ROGER JENSEN'S PHOTOGRAPHY
a storm chasing pioneer
by Tim Marshall
The early years
Roger was glad, however, when the family decided to return to Fargo, North Dakota. He began chasing storms during the summer of 1953. He and/or his father occasionally took the family DeSoto and headed out to storms within about 50 miles of their home. On June 20, 1957, a violent supercell produced a series of tornadoes from Fargo, ND to Detroit Lakes, MN. Roger witnessed the storm from the farm, eventhough, he was too busy to chase it. The third tornado in the series struck Fargo, about 32 miles west of their farm. The tornado cut a swath of destruction that was five city blocks wide and 20 blocks long damaging or destroying about 1300 homes. Roger witnessed F5 damage for the first time. He was amazed at the power of a tornado.
In 1960, Roger bought a single lens reflex, 35mm Miranda "S" with wide angle and telephoto lenses which he used from then on. He read books on photography and learned how to compose a picture and use the F-stop on the camera. He bought a polarized filter to deepen blue tones and bring out the crisp, cauliflower appearance of a thunderstorm updraft. Roger used Kodachrome 64 slide film religiously. His dad died in 1963 but Roger and his mom continued to work on the farm. One of Rogerís best chases occurred on June 31, 1967 when a derecho moved through central Minnesota. Roger followed the storm to Minneapolis where he took a fantastic series of pictures of a tiered shelf cloud approaching the city.
the roaring 1970s
Rogerís big tornado day was on June 28, 1975 when he photographed a large barrel-shaped tornado near Felton, MN that moved slowly north-northeast. The tornado traveled only six miles in 25 minutes! Roger filmed the tornado from the south. The tornado only destroyed a barn and was rated F-2. That same evening, Roger photographed the most brilliant, orange-colored mammatus at sunset and sent his stunning photographs to Weatherwise Magazine where they were put on the cover of the October 1976 issue.
Roger corresponded with famous meteorologists like David Ludlam, Alan Pearson, Tom Skilling, Bernard Vonnegut, Joe Witte, as well as the office of Dr. Ted Fujita. He became a local celebrity when the Becker County Record newspaper did a nice story about him on January 22, 1979. Roger expanded his photography by traveling around the country. He visited several National Parks including Yosemite and photographed many of the waterfalls there. Upon returning back to Minnesota, Roger photographed four inch diameter hail, the largest hail recorded in Minnesota up to that time.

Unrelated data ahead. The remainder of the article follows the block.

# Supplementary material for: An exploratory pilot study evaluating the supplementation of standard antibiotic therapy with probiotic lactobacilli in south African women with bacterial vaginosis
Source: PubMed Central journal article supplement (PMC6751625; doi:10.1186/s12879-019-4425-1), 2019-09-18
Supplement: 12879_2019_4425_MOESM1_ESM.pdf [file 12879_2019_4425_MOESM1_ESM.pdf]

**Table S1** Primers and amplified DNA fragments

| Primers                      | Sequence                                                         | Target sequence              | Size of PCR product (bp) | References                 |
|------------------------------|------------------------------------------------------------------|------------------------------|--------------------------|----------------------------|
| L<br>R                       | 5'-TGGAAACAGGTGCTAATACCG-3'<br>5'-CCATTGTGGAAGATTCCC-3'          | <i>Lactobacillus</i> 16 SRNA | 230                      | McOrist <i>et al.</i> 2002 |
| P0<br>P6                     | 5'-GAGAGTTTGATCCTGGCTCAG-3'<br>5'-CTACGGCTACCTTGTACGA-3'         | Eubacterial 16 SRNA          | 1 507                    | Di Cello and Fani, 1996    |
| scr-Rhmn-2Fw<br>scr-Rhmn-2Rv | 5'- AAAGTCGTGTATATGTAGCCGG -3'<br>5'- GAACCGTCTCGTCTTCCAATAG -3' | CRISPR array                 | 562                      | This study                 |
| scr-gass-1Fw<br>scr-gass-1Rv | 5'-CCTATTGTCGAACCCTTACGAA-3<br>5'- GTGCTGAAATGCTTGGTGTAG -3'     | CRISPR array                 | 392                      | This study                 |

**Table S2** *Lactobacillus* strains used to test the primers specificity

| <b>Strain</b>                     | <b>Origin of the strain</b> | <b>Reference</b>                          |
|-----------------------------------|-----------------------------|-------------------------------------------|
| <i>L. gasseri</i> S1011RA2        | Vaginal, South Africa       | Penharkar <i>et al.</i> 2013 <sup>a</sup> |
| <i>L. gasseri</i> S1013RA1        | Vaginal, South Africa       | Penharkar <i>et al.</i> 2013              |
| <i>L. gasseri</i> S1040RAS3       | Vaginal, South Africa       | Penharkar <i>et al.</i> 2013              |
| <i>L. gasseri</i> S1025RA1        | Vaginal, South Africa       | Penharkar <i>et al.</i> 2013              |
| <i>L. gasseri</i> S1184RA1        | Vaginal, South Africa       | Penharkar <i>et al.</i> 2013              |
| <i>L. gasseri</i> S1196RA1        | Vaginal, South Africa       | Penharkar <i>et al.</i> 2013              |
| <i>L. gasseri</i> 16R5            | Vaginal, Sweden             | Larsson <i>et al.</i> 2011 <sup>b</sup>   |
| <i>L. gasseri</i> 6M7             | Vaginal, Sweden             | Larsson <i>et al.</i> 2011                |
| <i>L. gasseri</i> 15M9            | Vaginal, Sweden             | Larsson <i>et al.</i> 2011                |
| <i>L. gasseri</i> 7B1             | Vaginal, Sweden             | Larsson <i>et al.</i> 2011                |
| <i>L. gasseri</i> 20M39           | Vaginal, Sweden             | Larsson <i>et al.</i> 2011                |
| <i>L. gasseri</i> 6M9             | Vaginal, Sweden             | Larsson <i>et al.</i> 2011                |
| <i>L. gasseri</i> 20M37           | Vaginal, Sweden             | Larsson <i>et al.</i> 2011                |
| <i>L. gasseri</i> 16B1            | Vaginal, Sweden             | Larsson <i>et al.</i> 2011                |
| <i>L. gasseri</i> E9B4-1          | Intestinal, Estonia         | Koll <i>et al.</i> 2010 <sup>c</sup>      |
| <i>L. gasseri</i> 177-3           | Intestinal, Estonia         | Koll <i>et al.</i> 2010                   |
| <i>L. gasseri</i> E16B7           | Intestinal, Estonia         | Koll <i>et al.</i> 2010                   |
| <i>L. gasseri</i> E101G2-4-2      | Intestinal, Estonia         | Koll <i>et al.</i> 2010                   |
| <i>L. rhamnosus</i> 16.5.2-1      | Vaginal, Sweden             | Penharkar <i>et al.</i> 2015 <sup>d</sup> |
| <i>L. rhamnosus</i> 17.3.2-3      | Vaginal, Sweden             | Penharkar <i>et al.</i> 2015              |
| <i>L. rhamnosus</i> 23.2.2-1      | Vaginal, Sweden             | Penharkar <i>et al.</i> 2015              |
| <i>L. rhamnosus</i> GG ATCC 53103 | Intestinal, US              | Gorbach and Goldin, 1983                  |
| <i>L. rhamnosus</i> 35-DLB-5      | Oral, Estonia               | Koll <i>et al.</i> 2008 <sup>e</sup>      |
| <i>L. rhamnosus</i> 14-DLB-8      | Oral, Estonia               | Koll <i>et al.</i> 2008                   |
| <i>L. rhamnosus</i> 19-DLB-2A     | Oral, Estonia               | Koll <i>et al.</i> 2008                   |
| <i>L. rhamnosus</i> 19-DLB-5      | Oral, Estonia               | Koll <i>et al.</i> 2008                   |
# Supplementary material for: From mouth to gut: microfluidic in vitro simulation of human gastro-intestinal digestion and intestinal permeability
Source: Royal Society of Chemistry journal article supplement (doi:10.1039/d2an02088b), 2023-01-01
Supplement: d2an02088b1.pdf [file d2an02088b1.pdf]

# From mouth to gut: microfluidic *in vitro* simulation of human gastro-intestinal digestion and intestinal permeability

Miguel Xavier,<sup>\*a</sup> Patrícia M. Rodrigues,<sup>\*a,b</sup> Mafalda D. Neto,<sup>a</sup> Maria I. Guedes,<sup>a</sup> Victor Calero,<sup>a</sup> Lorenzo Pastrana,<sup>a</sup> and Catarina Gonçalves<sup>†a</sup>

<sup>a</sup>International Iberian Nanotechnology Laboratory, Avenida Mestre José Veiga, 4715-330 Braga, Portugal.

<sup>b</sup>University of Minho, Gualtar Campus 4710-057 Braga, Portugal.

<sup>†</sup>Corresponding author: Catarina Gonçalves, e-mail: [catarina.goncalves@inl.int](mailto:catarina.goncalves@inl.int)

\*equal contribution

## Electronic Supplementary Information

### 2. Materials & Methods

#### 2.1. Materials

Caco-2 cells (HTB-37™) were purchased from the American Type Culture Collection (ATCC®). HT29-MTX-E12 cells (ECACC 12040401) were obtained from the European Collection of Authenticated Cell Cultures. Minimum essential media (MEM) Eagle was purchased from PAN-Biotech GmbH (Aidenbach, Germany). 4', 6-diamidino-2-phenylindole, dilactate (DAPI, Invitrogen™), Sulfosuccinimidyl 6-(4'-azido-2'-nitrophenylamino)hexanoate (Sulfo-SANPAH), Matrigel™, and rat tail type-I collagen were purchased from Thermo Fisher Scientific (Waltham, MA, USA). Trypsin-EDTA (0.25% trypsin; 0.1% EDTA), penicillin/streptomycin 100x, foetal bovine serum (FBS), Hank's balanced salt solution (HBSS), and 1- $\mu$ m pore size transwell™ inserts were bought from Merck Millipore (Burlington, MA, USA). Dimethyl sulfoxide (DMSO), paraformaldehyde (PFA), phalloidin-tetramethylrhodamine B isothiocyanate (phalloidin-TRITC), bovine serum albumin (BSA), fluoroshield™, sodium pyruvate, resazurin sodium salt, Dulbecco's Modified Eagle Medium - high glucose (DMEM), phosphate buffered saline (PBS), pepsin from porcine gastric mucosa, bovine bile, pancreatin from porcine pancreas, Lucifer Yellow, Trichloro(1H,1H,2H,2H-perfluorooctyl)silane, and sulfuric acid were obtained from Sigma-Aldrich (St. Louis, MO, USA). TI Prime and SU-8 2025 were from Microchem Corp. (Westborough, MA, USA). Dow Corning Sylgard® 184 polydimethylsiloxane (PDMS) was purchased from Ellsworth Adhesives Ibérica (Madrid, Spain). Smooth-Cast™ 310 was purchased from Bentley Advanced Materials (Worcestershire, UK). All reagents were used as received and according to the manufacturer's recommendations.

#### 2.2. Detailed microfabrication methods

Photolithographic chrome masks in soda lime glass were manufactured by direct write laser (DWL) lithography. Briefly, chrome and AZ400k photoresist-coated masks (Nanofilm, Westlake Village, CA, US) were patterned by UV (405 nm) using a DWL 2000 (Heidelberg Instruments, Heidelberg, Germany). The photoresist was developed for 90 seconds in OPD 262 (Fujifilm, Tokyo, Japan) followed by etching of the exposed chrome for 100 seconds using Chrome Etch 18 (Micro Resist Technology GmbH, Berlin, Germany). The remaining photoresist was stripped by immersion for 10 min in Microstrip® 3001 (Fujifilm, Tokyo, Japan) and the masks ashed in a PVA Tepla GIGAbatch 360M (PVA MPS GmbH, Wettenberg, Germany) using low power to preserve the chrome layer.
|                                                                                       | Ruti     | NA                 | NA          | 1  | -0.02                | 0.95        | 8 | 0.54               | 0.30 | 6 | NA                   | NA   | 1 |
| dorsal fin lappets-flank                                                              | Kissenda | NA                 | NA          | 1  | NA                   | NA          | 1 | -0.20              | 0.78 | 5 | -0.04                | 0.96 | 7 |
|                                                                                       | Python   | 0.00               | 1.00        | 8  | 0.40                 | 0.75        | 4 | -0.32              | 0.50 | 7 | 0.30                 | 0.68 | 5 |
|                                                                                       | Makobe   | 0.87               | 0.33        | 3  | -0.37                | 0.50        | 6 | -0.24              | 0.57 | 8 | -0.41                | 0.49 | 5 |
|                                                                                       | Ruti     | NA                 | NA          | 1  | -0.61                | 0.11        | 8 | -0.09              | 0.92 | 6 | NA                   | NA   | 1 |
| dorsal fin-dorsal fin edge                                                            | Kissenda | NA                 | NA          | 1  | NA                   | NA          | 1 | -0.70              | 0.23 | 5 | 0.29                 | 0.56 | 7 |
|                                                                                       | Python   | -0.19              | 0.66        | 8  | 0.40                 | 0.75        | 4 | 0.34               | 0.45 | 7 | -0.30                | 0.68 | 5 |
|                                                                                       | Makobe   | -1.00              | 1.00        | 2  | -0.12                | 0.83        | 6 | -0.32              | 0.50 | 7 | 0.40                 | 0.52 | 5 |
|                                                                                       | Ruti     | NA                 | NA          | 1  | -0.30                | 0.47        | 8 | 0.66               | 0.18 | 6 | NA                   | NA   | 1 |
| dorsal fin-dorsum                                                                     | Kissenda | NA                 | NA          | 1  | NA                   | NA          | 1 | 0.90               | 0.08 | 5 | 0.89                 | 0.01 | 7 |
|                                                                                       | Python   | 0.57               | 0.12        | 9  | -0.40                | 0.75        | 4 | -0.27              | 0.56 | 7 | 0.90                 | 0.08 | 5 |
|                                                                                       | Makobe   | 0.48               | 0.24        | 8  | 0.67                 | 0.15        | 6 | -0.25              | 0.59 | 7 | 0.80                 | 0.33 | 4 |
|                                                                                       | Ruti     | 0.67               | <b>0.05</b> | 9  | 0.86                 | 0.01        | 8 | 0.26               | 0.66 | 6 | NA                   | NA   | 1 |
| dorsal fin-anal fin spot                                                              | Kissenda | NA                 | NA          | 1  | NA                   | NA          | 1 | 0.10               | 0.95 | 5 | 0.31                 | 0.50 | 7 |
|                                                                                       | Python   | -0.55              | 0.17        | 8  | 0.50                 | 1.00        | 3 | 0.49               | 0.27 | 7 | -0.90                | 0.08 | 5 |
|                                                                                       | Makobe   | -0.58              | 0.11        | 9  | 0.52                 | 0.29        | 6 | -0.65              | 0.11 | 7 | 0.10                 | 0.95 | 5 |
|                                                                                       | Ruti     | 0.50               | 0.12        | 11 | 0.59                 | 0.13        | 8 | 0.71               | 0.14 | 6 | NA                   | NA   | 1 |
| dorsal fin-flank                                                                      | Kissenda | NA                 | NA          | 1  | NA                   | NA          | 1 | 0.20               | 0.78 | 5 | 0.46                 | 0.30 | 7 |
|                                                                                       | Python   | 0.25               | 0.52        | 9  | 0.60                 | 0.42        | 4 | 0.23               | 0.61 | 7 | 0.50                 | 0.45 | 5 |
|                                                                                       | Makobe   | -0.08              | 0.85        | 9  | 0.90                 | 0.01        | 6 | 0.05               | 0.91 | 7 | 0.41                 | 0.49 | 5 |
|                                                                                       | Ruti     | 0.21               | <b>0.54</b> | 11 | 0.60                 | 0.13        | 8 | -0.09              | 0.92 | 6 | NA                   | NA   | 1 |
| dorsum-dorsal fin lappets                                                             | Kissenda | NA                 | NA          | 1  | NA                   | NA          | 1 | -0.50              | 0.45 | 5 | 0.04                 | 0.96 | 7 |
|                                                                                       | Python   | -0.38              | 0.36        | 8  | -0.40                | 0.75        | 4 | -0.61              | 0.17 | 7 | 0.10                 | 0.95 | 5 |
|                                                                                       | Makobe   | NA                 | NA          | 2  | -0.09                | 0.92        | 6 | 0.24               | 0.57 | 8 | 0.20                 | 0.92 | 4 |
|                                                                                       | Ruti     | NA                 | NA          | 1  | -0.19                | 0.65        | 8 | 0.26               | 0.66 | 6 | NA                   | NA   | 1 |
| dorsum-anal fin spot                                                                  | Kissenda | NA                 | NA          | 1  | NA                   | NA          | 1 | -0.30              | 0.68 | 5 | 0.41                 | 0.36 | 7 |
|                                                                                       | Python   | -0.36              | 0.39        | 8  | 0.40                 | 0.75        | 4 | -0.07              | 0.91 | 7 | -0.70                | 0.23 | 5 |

the 1980s: a run of bad luck
In February 1985, Roger left Swift and Company as the company closed down. Two months later, Roger fell gravely ill again and was admitted to the Ebenezer Caroline Center, a hospital in Minneapolis. Doctors discovered a bone disease and tried to treat it with antibiotics to no effect. A staph infection complicated matters and Roger became bedridden in May 1985, and lost a lot of weight. His recovery was slow and he remained in the hospital for five months! Roger returned to his apartment in September 1985, but not for long.
On January 30, 1986, Roger returned to the hospital with an infection in his left foot. His diabetes was out of control and Roger needed assisted care with nurses who could take blood tests twice daily to monitor his condition. Thus, Roger entered St. Maryís Nursing Home on February 3, 1986 where he remained until May 5, 1986. He seemed to be doing better and he moved to a new apartment in Detroit Lakes, MN in May of 1986. However, an infection again developed in the left ankle and foot and he was hospitalized on August 21, 1986, then transfered to St. Maryís nursing home on September 4, 1986. Roger would remain in a nursing home the rest of his life.
In January 1988, the infection in his left leg worsened and it had to be amputated below the knee. It took Roger several months to learn how to use the prosthesis, but he was walking around well by August 1988. His health steadily improved and he resumed photographing the fall foliage in open areas around the nursing home. Roger learned that David Hoadley had turned over STORMTRACK to me, and Roger and I began corresponding. It was clear to me from the beginning that this man loved storms. We exchanged photographs and talked to each other many times by telephone. David Hoadley visited Roger and was equally impressed with him.
the 1990s: rebound and big moves
Roger made the big move to Texas in 1996 and loved it. He saw more storms than ever before and he was a lot closer to other storm chasers. In November 1996, I met Roger for the first time. Gene Rhoden, Bruce Haynie, Carson Eads and myself took Roger out to dinner and we had a great time talking for hours about storms. I interviewed Roger and wrote an article that appeared in the November 1996 issue of STORMTRACK (see Vol. 20, No. 1) entitled: "An evening with Roger Jensen". Roger said he would like to attend the storm chaser picnics each May and we arranged for him to get a day pass. Roger loved to meet other chasers, show photographs, and tell stories.
In April 1999, Roger left the nursing home in Sherman to move closer to Dallas. A large church and apartment complex were constructed in the open spaces around the home that completely blocked Rogerís view of the horizon. He spent three months at another nursing home in Ennis (just south of Dallas), but didnít like it there as there were too many obstructions. So, Roger moved to a nursing home in Terrell (just east of Dallas), where there were open fields all around. Roger loved the place and the home gave him the freedom to take pictures of storms in the adjacent fields. Roger was a big hit at our 2000 picnic. He loved being interviewed by the media and was glad that Dave Hoadley attended. It was a happy time for Roger. He shot hundreds of slides of storms, more than any previous year.
a peaceful ending